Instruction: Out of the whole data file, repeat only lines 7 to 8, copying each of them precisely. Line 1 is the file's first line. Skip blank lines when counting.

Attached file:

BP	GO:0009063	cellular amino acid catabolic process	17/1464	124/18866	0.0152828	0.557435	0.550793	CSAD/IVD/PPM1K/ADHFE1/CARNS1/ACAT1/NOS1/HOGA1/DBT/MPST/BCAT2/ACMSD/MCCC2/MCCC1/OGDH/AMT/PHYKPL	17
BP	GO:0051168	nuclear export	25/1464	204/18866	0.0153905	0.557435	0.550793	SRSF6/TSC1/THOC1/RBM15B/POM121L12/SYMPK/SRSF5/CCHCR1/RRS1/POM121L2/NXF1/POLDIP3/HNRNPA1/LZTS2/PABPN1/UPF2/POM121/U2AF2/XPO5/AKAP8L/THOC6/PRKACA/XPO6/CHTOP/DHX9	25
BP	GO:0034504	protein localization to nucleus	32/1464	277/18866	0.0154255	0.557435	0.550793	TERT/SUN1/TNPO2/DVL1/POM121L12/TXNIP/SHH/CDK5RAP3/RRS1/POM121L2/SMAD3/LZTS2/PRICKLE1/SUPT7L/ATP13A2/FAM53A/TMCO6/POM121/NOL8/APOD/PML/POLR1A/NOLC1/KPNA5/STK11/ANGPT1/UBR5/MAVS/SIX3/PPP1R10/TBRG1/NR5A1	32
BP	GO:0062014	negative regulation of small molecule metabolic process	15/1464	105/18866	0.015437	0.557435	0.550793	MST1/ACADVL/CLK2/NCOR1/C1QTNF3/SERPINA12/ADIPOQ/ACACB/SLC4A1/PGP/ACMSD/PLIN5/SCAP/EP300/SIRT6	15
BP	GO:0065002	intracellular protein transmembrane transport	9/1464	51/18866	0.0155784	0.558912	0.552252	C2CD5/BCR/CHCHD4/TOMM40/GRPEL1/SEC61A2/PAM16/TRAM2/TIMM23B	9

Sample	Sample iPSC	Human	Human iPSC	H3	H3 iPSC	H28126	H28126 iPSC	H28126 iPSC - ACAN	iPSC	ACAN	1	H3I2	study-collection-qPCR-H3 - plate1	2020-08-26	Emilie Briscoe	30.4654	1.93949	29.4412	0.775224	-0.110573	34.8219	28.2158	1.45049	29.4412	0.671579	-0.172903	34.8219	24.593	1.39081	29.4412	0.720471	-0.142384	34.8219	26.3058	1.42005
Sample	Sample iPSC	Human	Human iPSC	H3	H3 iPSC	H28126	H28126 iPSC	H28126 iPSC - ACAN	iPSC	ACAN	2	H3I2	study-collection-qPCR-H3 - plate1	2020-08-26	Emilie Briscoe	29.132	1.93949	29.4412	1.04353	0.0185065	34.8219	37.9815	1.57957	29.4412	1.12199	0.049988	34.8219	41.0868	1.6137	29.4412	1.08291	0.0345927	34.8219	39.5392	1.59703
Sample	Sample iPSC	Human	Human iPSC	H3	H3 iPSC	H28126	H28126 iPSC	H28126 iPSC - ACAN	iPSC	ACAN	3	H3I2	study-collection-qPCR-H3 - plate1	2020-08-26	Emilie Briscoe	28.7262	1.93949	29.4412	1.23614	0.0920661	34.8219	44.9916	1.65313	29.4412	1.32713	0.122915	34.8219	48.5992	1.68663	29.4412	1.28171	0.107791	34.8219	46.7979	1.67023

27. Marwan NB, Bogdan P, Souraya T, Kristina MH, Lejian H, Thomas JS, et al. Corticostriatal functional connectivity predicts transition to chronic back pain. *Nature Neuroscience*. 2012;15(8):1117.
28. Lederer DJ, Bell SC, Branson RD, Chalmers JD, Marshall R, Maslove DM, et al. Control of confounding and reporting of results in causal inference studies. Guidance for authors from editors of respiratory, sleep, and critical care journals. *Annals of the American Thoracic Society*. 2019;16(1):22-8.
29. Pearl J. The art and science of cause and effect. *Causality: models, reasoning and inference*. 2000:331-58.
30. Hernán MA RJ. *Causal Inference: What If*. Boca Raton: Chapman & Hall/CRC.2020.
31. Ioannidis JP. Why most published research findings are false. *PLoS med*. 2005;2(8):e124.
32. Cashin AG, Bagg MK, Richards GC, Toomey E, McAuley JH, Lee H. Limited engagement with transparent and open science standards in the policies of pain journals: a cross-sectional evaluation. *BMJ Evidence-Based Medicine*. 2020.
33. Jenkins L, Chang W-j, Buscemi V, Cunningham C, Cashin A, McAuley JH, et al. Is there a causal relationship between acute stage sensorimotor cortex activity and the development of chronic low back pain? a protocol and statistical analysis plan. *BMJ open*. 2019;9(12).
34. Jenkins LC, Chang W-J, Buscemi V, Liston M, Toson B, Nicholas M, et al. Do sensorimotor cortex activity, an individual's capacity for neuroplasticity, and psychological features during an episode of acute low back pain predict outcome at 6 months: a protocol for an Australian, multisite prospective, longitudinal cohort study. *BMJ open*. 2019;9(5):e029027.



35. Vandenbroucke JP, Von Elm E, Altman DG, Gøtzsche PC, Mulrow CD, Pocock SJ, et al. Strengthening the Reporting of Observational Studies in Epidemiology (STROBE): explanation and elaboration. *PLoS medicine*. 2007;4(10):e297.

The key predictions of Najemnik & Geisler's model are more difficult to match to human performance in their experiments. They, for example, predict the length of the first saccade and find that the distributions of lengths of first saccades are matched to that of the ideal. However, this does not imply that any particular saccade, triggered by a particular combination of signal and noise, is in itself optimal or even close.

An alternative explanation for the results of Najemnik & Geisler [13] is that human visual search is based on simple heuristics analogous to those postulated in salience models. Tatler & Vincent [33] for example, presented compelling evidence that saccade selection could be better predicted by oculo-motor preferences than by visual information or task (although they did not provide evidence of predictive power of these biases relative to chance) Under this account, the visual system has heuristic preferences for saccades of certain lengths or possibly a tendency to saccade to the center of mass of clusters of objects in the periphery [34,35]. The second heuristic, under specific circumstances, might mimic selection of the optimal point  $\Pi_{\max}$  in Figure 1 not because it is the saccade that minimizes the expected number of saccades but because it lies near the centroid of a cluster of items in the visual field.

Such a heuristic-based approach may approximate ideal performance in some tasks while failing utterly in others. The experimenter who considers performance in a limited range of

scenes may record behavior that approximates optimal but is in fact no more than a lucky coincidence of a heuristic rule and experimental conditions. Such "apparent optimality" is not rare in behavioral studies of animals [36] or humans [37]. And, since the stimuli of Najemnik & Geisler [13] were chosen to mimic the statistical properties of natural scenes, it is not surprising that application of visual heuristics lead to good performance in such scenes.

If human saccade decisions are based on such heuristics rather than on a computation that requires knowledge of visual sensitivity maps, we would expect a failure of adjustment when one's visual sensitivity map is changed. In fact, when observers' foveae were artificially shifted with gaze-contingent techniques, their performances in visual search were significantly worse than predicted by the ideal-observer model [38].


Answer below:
Sample	Sample iPSC	Human	Human iPSC	H3	H3 iPSC	H28126	H28126 iPSC	H28126 iPSC - ACAN	iPSC	ACAN	2	H3I2	study-collection-qPCR-H3 - plate1	2020-08-26	Emilie Briscoe	29.132	1.93949	29.4412	1.04353	0.0185065	34.8219	37.9815	1.57957	29.4412	1.12199	0.049988	34.8219	41.0868	1.6137	29.4412	1.08291	0.0345927	34.8219	39.5392	1.59703
Sample	Sample iPSC	Human	Human iPSC	H3	H3 iPSC	H28126	H28126 iPSC	H28126 iPSC - ACAN	iPSC	ACAN	3	H3I2	study-collection-qPCR-H3 - plate1	2020-08-26	Emilie Briscoe	28.7262	1.93949	29.4412	1.23614	0.0920661	34.8219	44.9916	1.65313	29.4412	1.32713	0.122915	34.8219	48.5992	1.68663	29.4412	1.28171	0.107791	34.8219	46.7979	1.67023